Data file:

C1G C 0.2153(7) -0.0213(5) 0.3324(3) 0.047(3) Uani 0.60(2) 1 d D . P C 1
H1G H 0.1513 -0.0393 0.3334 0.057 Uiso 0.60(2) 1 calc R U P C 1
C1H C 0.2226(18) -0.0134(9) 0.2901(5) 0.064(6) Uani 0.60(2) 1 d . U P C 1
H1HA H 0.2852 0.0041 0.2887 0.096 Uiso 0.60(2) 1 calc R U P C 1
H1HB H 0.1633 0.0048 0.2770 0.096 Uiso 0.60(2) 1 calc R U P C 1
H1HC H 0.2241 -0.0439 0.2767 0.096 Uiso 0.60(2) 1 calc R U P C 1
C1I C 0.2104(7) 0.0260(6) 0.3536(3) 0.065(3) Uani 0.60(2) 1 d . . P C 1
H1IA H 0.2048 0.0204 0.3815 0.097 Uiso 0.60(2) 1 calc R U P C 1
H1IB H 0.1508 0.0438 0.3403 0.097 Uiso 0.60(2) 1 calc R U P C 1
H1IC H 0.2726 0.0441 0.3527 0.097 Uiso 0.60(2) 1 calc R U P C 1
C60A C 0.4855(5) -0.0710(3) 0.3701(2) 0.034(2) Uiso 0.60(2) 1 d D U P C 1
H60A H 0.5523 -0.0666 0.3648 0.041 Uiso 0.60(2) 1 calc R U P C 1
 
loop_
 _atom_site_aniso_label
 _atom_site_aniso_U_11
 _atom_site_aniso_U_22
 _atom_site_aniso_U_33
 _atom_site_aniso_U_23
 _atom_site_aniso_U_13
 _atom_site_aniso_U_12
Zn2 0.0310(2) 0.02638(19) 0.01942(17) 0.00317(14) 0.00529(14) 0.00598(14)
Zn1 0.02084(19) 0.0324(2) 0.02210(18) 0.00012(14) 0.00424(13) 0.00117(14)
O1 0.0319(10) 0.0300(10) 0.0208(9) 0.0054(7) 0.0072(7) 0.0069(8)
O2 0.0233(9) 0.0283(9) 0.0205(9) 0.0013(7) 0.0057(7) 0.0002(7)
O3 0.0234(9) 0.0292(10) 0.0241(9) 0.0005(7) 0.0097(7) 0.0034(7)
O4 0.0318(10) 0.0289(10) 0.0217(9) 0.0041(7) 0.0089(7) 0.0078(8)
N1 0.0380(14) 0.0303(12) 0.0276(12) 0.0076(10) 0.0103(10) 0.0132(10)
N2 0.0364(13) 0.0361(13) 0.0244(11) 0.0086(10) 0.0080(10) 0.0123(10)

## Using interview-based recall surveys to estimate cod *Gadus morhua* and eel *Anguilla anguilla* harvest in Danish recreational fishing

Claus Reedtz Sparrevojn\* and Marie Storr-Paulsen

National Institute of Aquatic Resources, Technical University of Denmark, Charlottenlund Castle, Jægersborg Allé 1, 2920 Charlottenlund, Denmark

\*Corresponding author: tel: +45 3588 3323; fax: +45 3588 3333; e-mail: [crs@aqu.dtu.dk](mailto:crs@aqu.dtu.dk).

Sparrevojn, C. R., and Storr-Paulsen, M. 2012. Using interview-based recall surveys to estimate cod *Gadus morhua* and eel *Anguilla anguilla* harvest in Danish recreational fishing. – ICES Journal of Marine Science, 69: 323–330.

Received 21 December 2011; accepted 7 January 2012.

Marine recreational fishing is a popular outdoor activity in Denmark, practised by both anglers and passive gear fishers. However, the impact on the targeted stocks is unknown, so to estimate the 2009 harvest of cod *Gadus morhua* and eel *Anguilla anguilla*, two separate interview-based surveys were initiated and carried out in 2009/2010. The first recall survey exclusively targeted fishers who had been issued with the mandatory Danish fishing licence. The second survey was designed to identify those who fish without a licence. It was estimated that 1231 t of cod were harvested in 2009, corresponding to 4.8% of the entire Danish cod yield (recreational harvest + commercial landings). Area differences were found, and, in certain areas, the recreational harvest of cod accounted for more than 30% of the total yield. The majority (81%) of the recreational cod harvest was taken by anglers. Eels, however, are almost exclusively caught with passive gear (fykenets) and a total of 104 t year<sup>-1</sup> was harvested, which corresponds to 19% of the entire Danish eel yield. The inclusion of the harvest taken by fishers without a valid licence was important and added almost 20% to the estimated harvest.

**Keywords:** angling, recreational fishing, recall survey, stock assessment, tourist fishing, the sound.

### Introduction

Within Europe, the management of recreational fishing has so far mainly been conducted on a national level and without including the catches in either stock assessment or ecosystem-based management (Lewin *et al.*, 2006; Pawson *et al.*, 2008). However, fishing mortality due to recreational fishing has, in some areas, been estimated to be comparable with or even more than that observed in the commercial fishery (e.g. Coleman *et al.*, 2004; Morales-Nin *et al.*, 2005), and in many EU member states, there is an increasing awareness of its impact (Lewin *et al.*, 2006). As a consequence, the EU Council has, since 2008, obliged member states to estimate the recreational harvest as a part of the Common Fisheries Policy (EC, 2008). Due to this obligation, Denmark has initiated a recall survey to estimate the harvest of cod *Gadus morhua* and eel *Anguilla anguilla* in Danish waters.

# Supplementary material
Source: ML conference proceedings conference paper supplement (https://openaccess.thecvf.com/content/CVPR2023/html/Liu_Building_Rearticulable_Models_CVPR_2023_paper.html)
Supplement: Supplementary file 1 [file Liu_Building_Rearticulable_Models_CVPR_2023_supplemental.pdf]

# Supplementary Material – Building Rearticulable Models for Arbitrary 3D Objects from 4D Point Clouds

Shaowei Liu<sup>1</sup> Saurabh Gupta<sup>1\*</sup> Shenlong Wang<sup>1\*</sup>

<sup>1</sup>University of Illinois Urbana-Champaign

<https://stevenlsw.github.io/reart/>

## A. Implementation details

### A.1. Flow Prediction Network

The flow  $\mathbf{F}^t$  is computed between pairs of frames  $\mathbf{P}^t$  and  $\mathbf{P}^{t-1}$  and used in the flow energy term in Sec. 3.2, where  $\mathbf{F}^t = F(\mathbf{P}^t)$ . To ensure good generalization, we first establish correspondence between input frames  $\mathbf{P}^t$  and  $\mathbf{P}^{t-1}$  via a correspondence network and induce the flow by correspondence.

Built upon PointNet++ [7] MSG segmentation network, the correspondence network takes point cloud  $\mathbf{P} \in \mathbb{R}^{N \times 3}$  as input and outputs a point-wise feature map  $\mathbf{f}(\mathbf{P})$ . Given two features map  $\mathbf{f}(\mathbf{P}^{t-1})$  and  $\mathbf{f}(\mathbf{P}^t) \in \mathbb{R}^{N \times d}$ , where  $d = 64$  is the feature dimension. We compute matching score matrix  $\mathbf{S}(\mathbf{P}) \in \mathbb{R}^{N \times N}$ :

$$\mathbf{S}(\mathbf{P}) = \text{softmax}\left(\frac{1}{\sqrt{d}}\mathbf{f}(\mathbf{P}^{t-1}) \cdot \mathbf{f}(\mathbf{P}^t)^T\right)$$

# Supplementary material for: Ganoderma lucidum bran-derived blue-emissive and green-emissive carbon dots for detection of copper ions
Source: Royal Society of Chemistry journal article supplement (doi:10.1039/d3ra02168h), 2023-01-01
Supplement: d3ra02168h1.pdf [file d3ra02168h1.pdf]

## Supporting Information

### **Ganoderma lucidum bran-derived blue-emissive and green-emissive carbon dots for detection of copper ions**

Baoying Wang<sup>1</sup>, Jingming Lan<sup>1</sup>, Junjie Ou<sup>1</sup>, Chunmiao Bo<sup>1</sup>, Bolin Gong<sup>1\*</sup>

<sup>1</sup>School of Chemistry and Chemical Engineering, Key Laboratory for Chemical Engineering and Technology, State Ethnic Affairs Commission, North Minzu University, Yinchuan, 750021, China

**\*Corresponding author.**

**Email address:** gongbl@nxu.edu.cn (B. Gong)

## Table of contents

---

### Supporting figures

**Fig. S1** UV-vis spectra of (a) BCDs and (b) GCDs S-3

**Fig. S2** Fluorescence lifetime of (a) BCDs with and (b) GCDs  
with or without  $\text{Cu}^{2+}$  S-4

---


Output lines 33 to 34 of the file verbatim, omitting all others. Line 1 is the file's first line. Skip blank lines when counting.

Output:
Sparrevojn, C. R., and Storr-Paulsen, M. 2012. Using interview-based recall surveys to estimate cod *Gadus morhua* and eel *Anguilla anguilla* harvest in Danish recreational fishing. – ICES Journal of Marine Science, 69: 323–330.

Received 21 December 2011; accepted 7 January 2012.